>The Pew Internet and American Life Project released a new study yesterday about the way people with disabilities and chronic illness use the internet. They chose, God help us, to “refer to internet users who have looked online for health information as ‘e-patients.'”
I know myself to be a stodgy traditionalist when it comes to the evolution of language. (Verily, if it was good enough for Shakespeare…) To my amazement, I find that the word “e-patient” has been around since at least 2004. There
is (no surprise) an e-patients web site. There’s even a companion word: e-caregiver. Zounds!
I’ve been an e-patient since before there was a word for it. In the mid-nineties, I made my first visit to a urologist and impressed him by asking questions generated by online research. I’m convinced he overestimated my intelligence from that time forward. These days, I bet doctors grown inwardly as soon as they hear the words “I read on the Internet that…”
What else are we to do? We have about twenty minutes with the doctor. (Frankly, I was surprised it’s that much.) Because I haven’t seen a urologist since I’ve been back in Minnesota, I’ve been waiting about three months for a “new patient” appointment. When I go in next week to talk about my treatment options, we can spend twenty minutes discussing the advantages and disadvantages of the choices instead of me hearing them for the first time at the appointment.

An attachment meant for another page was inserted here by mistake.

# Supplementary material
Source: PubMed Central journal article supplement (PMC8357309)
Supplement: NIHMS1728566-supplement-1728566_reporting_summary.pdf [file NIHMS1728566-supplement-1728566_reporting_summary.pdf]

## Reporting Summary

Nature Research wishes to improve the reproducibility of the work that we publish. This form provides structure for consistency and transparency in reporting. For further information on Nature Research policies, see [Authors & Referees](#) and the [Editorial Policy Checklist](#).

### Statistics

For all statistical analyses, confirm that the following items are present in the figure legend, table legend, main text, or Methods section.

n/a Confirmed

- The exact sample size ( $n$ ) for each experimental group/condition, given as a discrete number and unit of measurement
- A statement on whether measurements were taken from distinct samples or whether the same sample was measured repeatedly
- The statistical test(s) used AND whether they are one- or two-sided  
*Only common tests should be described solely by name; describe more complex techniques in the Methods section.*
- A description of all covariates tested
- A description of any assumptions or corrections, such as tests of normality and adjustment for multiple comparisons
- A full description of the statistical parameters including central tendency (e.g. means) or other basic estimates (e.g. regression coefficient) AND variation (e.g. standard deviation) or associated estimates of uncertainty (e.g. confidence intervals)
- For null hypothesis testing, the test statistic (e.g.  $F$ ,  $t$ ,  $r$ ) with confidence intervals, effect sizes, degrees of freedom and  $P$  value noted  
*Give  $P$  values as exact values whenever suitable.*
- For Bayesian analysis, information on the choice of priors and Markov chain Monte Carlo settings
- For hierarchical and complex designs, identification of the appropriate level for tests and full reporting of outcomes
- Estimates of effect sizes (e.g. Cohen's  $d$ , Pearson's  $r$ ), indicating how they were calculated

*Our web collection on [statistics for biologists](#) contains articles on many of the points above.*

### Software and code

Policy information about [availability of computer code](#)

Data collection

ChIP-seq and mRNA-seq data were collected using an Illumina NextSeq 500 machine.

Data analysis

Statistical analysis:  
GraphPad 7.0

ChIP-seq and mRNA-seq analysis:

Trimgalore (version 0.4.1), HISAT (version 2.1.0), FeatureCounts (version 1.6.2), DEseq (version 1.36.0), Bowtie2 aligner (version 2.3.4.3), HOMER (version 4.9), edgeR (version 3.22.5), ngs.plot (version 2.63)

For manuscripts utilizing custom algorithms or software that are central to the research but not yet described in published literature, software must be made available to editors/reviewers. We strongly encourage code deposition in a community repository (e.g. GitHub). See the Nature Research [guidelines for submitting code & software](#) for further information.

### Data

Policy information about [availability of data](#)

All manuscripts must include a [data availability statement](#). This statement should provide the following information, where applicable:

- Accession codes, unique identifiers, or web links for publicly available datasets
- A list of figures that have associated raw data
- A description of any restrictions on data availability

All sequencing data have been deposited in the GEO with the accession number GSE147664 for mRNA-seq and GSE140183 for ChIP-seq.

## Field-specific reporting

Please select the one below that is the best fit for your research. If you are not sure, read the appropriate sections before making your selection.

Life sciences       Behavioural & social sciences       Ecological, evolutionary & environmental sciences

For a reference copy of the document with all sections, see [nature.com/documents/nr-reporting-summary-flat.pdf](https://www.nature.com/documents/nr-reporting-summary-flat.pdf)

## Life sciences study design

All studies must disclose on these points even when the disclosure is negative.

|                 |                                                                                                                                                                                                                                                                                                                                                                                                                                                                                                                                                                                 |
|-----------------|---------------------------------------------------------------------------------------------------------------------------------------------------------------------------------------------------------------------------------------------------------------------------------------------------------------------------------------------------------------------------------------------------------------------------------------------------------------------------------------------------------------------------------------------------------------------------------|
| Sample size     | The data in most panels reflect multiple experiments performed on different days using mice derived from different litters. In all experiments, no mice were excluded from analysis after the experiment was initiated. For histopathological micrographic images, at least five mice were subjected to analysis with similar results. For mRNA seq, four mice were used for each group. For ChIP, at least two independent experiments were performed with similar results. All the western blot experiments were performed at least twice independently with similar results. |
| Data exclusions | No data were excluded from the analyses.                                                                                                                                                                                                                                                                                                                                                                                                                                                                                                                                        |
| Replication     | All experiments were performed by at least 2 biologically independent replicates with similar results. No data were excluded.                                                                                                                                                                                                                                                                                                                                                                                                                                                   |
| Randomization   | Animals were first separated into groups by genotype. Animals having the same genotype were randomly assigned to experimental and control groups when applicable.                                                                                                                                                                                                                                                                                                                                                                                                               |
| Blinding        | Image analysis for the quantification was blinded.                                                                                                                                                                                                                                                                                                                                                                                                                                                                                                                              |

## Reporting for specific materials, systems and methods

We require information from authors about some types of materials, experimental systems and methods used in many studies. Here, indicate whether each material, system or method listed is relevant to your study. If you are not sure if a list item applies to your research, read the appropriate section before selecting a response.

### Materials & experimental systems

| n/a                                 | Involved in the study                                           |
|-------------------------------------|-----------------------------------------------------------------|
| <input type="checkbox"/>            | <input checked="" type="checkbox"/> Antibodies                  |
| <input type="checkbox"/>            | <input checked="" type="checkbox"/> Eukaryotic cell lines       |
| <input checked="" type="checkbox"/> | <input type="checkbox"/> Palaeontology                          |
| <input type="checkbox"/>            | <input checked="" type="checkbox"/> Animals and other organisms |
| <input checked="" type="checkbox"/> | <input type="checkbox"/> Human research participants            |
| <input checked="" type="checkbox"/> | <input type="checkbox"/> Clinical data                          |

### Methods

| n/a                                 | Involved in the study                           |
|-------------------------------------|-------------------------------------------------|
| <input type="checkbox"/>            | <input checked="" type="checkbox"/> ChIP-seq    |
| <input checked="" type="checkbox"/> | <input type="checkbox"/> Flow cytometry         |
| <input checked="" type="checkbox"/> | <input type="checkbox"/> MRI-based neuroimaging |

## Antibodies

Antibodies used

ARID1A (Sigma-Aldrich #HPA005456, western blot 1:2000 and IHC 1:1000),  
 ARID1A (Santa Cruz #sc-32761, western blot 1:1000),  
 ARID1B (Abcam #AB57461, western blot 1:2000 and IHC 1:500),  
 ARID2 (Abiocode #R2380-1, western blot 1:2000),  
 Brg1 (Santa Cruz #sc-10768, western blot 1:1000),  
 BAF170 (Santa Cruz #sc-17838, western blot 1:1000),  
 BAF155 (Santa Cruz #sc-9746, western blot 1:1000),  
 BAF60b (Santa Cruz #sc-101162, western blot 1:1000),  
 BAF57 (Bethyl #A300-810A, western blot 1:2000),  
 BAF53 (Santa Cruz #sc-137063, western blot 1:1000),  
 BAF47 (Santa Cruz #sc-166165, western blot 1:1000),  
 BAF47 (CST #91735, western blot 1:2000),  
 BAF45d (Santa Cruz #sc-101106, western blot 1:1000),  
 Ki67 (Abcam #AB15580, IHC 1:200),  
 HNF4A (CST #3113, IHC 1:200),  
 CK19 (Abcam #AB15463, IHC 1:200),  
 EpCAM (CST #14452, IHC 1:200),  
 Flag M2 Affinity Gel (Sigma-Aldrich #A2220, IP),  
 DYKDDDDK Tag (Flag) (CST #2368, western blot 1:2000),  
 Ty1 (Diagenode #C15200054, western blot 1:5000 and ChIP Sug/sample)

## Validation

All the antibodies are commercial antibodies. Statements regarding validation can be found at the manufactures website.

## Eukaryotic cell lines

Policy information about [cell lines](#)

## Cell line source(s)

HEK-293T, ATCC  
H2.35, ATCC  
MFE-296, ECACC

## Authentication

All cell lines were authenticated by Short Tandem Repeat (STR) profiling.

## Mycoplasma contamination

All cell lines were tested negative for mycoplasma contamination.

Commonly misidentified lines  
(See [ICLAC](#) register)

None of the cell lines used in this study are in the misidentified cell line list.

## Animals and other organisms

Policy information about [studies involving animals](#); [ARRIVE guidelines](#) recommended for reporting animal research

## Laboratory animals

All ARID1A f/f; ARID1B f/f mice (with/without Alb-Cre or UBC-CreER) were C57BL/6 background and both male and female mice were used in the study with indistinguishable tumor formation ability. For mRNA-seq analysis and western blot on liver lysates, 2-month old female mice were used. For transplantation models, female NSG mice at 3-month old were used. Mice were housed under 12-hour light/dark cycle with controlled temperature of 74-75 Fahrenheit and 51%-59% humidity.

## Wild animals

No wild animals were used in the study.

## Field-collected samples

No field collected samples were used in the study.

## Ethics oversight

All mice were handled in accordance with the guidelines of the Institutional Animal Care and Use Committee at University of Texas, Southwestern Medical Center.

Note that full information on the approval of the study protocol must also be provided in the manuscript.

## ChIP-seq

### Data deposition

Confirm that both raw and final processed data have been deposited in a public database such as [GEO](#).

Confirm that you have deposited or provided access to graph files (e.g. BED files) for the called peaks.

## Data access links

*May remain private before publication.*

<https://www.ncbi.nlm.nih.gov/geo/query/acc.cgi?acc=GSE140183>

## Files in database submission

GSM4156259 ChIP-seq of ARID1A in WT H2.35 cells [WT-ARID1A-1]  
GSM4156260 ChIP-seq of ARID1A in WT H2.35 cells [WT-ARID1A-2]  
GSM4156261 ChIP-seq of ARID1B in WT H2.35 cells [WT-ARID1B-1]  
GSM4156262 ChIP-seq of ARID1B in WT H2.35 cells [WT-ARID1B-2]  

One point from the Pew study that concerns me is that most e-patients don’t pay attention to the date or source of the information they’re collecting. I heard one commentator (can’t find a reference for it right now) suggest that doctors need to prescribe information to patients in the same way they prescribe medication: controlling the quality and dosage. I don’t want anyone controlling my access to information. I do want an experienced medical mind helping me evaluate and act (or not) on what I’ve learned.
I’ve used the Internet as an information gathering tool. I’ve taken pride in finding reliable and up-to-date information. I have not, however, explored the internet as a way to connect with others dealing with similar issues. I think it’s time to do that. (I’m aware of some resistence to that idea. It will be interesting to explore what’s causing that.) I’m moving slowly toward embracing the idea of myself as an e-patient.